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Smartphone-controlled wheelchair brings independence

Smartphone-controlled wheelchair brings independence

Ke Wang (front) and his team at Eightfold Technologies have created a smartphone application that can control power wheelchairs remotely. The app to control the wheelchair is simple to use.

At The Ottawa Hospital Rehabilitation Centre, Ke Wang touched his fingertip to his smartphone. Across the room, an empty power wheelchair began to roll slowly towards him, coming to a stop next to where he sat.

Ten years ago, Wang was hit by a car while standing at a bus stop. He spent years adjusting to his new reality. He now lives at home, but even there he relies on his wheelchair. If it’s out of reach and his family isn’t nearby, he’s stranded.

“I end up stuck in bed, no way to go. If I have an appointment that day, or have some work that needs to be done, there’s nothing I can do about it, even if I can see my chair a few feet away from me,” he said.

Eventually, his frustration inspired him. “I thought, ‘This is not rocket science. There must be a way’.”

A software and automation engineer by trade, Wang founded Eightfold Technologies, which developed the ‘SmartChair’ app. It sends a signal from the phone to a control box on the wheelchair that is integrated with the chair’s joystick.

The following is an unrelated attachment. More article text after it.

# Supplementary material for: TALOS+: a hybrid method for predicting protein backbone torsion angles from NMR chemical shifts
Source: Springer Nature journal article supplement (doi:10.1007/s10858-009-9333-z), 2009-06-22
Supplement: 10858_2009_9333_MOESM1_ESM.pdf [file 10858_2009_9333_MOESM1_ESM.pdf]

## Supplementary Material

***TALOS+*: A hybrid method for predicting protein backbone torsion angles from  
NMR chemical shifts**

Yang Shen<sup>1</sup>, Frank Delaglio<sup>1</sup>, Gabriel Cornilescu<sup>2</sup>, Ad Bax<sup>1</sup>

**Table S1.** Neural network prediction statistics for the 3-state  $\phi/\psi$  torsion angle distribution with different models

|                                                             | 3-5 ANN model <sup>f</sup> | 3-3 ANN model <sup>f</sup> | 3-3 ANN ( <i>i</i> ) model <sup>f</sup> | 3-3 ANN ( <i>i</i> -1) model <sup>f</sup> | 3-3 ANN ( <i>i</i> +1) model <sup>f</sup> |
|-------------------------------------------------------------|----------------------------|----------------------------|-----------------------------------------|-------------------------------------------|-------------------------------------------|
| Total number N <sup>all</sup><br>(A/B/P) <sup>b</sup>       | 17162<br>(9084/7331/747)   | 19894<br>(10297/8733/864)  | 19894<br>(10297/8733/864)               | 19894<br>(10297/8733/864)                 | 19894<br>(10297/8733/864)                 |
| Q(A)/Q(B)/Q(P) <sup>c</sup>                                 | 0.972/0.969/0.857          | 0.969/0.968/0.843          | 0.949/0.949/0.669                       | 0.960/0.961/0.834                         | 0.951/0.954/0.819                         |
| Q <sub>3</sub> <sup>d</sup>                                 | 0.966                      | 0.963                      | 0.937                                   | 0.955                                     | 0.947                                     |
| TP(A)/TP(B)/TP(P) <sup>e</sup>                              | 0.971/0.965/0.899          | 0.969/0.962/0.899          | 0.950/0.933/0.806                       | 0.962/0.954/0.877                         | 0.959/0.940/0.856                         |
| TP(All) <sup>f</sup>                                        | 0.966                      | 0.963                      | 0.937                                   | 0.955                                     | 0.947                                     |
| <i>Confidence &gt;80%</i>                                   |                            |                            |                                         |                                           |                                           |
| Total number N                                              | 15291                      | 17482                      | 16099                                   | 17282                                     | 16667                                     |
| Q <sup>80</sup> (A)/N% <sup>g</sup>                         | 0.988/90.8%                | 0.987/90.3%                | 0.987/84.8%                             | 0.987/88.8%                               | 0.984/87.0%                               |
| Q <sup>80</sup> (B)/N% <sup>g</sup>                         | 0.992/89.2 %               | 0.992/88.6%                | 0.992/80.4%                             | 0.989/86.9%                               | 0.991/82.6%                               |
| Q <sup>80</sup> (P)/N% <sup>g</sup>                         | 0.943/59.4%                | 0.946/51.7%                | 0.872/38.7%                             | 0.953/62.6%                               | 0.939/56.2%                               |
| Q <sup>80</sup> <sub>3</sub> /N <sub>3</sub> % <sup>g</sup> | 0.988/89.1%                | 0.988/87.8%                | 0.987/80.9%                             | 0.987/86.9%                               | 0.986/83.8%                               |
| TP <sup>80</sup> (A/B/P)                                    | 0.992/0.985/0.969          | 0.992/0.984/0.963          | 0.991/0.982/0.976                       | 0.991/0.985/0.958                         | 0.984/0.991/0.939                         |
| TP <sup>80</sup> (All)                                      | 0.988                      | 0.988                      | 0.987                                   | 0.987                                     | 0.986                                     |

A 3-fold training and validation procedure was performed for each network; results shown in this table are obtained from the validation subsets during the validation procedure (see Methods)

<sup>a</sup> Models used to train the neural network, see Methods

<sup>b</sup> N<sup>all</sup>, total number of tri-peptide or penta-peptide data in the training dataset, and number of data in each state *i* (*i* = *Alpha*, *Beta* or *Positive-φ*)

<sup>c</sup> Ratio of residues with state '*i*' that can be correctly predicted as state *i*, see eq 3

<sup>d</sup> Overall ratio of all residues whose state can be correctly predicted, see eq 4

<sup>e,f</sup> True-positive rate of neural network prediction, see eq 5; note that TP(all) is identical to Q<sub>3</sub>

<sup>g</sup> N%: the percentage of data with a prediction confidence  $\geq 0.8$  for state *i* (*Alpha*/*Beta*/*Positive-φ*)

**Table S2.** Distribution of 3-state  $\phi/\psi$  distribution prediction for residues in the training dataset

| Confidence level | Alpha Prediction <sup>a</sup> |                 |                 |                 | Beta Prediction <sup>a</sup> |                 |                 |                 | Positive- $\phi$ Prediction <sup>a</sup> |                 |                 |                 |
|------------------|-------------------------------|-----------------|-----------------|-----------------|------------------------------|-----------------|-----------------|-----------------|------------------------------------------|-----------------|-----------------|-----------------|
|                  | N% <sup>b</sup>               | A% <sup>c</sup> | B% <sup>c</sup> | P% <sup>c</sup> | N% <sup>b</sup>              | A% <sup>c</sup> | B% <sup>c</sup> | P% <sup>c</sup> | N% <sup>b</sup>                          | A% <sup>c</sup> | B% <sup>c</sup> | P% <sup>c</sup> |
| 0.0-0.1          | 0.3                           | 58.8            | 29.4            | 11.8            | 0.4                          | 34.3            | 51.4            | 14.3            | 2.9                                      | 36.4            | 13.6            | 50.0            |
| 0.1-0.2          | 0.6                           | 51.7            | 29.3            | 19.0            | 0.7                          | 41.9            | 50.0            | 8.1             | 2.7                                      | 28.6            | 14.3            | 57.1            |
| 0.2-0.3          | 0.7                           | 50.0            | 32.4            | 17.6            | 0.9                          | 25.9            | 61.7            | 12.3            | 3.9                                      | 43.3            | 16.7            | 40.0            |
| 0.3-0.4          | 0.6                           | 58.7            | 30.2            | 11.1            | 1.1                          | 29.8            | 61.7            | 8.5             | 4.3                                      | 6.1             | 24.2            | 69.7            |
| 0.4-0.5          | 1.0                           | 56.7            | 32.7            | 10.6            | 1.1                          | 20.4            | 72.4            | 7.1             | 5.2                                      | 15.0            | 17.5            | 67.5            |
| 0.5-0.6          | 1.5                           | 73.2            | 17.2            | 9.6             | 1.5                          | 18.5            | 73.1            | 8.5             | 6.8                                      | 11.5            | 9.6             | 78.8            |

“We all know the feeling of being stuck in traffic, unable to move. That’s the everyday reality for people who can’t reach their wheelchair,” said Edward Lemaire, a researcher at The Ottawa Hospital Rehabilitation Centre who has been an advisor on the project. “It comes down to having that independence and control again.”

The app works with any phone or tablet and the controller works with any joystick-controlled power wheelchair. The app can be configured so users with different accessibility challenges, such as upper body injury, can also remotely control their wheelchair.

The remote control product isn’t for sale just yet but will be the first to go to market. Meanwhile, Wang is working on even smarter and more challenging applications.

“For example, you can lay down a line on the floor and the chair will follow the line,” said Wang. “All the person has to do is say, ‘I want to go to the living room,’ or push a button, and the chair will follow the line and take them to the living room.”


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  • Anonymous says:

    So nice to see that an Ottawa – based start-up is focused on improving people’s lives for real life application, for both the patients and their caregivers. Bravo!

  • Anonymous says:

    I started my nursing career 40 years ago at the Winnipeg health sciences spinal cord injury unit .I prayed everyday that someone somewhere sometime would find a way to help the quadriplegics and paraplegics regain a bit of independence and therefore dignity in day to day living for themselves . Prayers answered and more to come I am sure Congratulations!

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